Whether it’s the flower tubs lining the busiest shopping street in Leeds or the creative, colourful displays on show at the city’s many beauty spots, chances are it started life at The Arium.
“Anything colourful basically comes from here. We brighten up,” said nursery supervisor Rob Paxton.
Leeds City Council moved its enormous horticultural nursery from Red Hall to its new home at Thorner Lane in Scarcroft, and renamed it The Arium, last October.
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And with the relocation came new capabilities – a machine which can pot 100,000 plants every day has been installed, and the site includes a greenhouse which could house three football pitches.
Now the huge task of getting two million plants ready for display across the city during summer is in full swing.
Mr Paxton, 34, of Farsley, said: “It’s a massive team effort not just from The Arium but for all the parks (service). It’s nice to be a cog in that.”
He said that it is rare for a council to invest in one big building dedicated to planting such as this, with most local authorities typically offering such duties out for tender.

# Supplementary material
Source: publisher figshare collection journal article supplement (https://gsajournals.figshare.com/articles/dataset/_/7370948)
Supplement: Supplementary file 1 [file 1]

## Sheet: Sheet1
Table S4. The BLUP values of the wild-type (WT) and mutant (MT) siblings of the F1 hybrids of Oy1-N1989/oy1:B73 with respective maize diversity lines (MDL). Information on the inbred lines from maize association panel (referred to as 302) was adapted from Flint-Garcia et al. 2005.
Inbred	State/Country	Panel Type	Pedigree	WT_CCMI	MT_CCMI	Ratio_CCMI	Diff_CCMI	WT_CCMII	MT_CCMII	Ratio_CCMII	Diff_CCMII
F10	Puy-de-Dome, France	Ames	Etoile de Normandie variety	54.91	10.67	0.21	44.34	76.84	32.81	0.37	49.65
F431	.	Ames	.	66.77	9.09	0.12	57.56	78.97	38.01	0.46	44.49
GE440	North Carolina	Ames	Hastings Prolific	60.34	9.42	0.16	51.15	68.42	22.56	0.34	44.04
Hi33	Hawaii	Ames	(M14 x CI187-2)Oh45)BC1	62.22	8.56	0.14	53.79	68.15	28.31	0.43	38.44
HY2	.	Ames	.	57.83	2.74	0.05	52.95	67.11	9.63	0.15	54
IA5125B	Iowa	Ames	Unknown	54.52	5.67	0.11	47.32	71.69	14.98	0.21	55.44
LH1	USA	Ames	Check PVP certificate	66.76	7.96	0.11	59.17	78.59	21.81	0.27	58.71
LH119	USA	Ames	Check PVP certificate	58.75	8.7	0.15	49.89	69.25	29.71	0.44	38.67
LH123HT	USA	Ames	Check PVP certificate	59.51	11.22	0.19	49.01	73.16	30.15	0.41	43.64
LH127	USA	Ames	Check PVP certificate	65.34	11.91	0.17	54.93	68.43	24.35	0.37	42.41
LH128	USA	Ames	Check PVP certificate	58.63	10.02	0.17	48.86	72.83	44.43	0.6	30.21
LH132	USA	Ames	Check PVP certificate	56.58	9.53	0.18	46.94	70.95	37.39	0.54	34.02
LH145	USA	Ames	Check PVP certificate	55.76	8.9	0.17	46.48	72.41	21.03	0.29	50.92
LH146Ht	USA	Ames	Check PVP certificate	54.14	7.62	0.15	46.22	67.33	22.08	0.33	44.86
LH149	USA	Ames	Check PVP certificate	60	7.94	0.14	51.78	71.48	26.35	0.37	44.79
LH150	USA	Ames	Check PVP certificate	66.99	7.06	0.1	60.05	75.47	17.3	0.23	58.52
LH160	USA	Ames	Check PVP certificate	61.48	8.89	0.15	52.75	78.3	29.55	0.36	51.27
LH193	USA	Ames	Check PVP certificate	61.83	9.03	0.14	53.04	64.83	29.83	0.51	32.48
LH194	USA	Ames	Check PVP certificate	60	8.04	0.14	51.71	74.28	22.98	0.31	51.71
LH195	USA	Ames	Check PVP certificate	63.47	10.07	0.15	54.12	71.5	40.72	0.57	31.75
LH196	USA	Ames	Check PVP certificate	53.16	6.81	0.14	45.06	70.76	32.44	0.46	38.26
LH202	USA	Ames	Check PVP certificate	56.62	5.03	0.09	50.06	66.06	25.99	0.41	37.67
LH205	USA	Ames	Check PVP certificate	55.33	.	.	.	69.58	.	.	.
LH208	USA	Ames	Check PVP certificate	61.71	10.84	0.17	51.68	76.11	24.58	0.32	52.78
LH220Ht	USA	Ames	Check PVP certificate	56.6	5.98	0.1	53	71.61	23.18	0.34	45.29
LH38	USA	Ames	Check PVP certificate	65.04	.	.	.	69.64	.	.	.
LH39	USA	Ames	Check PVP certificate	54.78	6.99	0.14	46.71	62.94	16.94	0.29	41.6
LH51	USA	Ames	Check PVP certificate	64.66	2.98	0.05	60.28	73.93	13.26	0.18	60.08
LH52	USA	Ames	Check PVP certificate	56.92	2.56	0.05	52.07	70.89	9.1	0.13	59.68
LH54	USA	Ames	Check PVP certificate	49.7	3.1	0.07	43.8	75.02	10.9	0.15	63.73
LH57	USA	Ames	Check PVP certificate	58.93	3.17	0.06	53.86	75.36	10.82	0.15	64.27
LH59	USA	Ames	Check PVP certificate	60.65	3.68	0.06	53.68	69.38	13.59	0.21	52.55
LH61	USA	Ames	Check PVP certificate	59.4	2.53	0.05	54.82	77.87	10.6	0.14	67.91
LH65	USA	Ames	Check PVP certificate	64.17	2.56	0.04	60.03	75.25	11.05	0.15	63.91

Whereas previously some 14 nursery staff would have stood at an assembly line potting, specialist equipment now does the job and the site usually produces around 50,000 to 60,000 plants a day – compared to the 25,000 before the move.
As a result Leeds’s parks, open spaces, window boxes, roundabouts, In Bloom entries, hanging baskets and planters, including those on Briggate, are kept full of life.
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The improved rate of production means there is more choice, fresher produce and better value not only for the city but in the shop for the general public to buy too, the council said.
Three million plants per year from over 500 different species can be produced, and The Arium is said to be biggest local authority nursery in the country.
And the changes had allowed staff to focus more on the nursery’s retail area and on providing advice.
In preparation for summer over the last three weeks, one of the site’s four Millennium Square-sized plant spaces has already been filled with species ready to reveal.
"We grow from the people of Leeds, for the people of Leeds. I think that’s something to be proud of,” Mr Paxton said.
And after working for the nursery since he left school, he added: “I think I’m rewarded every day. On my drive home I see that I’ve been part of a team that created these things.
“We don’t always notice it in colour – but you will notice it when it’s not there.
“We want to make Leeds as bright and as colourful as we can.”